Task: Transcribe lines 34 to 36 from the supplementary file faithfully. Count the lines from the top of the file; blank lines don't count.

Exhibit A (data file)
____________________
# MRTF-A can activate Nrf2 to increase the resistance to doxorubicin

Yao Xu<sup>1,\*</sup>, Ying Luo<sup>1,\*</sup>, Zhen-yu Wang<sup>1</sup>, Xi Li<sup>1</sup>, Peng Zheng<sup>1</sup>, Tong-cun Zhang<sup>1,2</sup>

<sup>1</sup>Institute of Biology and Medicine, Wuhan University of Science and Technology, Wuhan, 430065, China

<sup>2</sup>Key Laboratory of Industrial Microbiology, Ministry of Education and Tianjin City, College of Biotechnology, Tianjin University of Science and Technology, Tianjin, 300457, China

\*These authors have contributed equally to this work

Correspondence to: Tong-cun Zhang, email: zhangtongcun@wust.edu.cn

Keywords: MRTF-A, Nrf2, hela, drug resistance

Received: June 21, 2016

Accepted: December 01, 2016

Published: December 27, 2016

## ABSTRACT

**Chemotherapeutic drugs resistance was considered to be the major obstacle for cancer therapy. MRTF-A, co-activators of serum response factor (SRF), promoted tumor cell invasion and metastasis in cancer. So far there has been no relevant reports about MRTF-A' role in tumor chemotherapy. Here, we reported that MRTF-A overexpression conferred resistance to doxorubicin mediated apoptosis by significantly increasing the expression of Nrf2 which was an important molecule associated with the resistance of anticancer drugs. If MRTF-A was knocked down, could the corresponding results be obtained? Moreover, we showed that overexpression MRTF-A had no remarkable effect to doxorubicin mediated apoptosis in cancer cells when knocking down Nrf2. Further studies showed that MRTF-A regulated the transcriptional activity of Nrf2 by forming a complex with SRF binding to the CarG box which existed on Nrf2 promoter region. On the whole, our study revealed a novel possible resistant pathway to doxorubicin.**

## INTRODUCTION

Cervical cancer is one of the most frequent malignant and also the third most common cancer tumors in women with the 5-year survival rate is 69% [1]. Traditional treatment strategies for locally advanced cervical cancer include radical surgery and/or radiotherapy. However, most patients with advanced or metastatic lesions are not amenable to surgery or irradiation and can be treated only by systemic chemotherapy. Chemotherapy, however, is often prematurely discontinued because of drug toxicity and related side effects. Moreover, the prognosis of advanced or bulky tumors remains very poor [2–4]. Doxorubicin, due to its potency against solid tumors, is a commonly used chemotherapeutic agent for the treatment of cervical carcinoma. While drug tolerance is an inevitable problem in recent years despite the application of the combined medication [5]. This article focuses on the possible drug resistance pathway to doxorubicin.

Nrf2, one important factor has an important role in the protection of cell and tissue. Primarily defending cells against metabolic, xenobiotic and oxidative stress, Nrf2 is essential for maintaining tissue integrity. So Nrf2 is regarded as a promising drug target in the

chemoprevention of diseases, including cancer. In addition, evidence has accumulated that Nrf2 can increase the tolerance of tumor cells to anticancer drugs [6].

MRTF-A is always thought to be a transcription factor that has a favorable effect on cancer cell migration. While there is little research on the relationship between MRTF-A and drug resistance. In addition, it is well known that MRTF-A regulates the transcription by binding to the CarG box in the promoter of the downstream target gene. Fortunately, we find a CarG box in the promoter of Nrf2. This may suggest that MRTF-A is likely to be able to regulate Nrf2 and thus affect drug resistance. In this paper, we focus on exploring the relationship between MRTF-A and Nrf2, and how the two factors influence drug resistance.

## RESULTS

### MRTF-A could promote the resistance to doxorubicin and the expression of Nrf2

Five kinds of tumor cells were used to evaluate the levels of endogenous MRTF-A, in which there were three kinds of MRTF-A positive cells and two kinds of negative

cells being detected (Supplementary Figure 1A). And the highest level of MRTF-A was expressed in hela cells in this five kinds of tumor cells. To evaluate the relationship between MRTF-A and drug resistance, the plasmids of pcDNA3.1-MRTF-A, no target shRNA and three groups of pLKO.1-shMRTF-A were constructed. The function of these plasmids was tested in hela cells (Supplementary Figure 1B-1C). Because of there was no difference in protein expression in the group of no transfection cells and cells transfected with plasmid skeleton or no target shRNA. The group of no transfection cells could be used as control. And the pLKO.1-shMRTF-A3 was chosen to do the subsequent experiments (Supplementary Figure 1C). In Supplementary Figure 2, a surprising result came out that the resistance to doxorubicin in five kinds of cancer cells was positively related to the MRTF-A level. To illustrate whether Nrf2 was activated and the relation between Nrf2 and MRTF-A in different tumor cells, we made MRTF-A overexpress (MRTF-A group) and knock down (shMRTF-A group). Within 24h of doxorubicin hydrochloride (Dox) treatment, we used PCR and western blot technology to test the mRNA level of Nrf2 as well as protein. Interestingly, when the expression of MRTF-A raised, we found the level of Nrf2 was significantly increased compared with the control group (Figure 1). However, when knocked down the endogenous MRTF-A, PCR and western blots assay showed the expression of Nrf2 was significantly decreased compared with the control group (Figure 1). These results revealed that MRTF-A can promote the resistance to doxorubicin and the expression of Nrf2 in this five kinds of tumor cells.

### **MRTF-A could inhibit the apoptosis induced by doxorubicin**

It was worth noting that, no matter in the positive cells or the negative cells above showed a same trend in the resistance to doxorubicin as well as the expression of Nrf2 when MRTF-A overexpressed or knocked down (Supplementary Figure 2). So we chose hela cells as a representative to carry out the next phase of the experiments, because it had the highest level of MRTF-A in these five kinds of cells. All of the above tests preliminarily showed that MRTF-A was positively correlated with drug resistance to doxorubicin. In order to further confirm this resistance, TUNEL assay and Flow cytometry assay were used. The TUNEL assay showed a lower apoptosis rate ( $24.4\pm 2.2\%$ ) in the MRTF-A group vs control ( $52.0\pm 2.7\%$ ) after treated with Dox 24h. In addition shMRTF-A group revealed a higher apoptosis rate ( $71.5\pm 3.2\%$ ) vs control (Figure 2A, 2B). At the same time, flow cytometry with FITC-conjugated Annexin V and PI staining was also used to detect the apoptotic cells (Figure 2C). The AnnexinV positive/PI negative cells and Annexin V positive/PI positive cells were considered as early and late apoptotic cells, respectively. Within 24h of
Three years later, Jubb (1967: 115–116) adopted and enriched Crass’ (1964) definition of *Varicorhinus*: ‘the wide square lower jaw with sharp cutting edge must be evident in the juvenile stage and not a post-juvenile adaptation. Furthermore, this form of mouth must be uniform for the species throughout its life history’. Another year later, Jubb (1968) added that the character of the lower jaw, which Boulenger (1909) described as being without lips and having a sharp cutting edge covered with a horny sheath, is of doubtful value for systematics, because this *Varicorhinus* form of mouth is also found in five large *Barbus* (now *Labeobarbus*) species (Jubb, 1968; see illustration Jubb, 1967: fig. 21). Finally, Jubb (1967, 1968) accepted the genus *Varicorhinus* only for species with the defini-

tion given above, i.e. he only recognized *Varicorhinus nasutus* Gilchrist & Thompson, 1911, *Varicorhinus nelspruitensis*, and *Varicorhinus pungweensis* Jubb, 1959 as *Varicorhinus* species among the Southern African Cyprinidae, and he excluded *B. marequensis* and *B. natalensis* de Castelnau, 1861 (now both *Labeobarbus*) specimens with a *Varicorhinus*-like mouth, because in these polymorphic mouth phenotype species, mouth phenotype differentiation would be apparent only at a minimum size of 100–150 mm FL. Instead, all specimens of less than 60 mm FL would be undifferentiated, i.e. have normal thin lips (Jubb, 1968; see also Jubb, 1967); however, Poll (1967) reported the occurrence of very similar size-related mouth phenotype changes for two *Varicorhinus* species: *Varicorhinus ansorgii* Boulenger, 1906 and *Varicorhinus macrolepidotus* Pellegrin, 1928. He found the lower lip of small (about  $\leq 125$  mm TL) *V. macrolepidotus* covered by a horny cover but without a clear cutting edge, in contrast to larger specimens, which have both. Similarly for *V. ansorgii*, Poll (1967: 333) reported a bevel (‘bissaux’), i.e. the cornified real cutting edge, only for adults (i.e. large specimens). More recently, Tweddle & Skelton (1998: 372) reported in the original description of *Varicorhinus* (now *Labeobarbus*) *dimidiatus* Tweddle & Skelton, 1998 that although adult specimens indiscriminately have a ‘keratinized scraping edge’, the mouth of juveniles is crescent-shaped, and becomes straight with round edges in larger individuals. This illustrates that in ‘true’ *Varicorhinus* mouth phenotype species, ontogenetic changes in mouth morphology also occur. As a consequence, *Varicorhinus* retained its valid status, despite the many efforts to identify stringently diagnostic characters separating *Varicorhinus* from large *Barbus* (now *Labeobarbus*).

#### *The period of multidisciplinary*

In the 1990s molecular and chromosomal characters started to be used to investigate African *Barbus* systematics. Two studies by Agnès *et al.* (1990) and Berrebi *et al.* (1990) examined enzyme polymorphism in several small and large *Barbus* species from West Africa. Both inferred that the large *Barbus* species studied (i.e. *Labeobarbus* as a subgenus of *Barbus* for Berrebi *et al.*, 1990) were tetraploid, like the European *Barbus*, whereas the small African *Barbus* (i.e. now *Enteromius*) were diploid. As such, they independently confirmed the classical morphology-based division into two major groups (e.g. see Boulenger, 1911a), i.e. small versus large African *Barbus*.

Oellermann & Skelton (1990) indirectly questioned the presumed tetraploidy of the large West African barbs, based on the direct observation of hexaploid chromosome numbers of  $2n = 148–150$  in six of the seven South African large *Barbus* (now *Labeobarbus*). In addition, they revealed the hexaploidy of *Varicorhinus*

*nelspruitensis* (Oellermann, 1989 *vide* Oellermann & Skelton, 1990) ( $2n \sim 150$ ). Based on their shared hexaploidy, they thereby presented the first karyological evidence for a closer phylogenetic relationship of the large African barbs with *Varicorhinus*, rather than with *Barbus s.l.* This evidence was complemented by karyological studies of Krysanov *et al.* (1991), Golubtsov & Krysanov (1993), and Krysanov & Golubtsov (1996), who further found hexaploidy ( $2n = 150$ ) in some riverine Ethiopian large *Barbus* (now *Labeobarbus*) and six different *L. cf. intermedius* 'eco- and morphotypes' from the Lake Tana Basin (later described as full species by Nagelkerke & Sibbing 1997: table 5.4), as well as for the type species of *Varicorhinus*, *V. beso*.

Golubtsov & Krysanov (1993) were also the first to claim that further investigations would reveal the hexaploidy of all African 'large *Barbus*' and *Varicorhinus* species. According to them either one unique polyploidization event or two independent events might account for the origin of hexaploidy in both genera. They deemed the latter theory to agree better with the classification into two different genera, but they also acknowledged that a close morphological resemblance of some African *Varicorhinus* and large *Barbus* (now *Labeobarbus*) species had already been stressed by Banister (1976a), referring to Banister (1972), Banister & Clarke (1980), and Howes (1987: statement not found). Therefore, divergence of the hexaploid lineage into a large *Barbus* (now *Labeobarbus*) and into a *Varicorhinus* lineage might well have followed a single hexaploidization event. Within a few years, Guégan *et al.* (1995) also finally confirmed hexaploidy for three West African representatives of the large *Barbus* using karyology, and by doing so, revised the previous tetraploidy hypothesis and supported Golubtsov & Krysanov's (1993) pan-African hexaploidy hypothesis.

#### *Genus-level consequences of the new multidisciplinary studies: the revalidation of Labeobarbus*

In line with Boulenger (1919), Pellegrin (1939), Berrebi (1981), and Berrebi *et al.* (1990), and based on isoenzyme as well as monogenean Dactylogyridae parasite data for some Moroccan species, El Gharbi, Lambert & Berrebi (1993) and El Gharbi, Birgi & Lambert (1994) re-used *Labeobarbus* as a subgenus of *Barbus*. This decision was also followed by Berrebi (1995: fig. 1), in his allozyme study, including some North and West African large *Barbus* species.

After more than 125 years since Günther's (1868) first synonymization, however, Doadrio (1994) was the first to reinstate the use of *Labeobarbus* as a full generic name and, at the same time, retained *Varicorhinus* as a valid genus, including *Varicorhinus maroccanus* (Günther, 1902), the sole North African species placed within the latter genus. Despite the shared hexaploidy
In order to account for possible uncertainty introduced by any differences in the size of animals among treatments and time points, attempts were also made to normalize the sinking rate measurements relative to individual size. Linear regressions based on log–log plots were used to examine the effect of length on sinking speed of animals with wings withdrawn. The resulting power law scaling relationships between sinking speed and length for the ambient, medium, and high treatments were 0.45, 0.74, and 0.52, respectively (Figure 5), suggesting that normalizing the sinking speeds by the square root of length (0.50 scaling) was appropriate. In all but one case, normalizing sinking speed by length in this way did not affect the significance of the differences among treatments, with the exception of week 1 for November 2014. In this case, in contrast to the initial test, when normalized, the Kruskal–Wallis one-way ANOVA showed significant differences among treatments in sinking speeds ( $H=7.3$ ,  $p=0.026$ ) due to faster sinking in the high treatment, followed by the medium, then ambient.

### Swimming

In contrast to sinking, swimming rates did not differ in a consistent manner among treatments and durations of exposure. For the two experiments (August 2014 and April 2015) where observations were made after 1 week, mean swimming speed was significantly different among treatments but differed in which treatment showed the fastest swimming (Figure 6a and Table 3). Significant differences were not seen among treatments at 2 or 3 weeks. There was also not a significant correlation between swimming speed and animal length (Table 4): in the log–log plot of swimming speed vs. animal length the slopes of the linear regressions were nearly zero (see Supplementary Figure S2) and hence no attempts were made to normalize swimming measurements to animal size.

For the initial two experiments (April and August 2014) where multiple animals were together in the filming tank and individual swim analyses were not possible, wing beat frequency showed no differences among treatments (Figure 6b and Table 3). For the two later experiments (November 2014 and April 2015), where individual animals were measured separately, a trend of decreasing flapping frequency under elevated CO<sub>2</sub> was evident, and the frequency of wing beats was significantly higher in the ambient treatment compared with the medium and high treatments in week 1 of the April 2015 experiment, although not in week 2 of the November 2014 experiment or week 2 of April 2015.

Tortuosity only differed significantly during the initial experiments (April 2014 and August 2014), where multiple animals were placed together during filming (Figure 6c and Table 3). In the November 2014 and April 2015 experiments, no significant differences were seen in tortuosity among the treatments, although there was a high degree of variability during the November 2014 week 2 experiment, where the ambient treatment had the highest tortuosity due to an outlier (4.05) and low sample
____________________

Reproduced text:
In order to account for possible uncertainty introduced by any differences in the size of animals among treatments and time points, attempts were also made to normalize the sinking rate measurements relative to individual size. Linear regressions based on log–log plots were used to examine the effect of length on sinking speed of animals with wings withdrawn. The resulting power law scaling relationships between sinking speed and length for the ambient, medium, and high treatments were 0.45, 0.74, and 0.52, respectively (Figure 5), suggesting that normalizing the sinking speeds by the square root of length (0.50 scaling) was appropriate. In all but one case, normalizing sinking speed by length in this way did not affect the significance of the differences among treatments, with the exception of week 1 for November 2014. In this case, in contrast to the initial test, when normalized, the Kruskal–Wallis one-way ANOVA showed significant differences among treatments in sinking speeds ( $H=7.3$ ,  $p=0.026$ ) due to faster sinking in the high treatment, followed by the medium, then ambient.

### Swimming

In contrast to sinking, swimming rates did not differ in a consistent manner among treatments and durations of exposure. For the two experiments (August 2014 and April 2015) where observations were made after 1 week, mean swimming speed was significantly different among treatments but differed in which treatment showed the fastest swimming (Figure 6a and Table 3). Significant differences were not seen among treatments at 2 or 3 weeks. There was also not a significant correlation between swimming speed and animal length (Table 4): in the log–log plot of swimming speed vs. animal length the slopes of the linear regressions were nearly zero (see Supplementary Figure S2) and hence no attempts were made to normalize swimming measurements to animal size.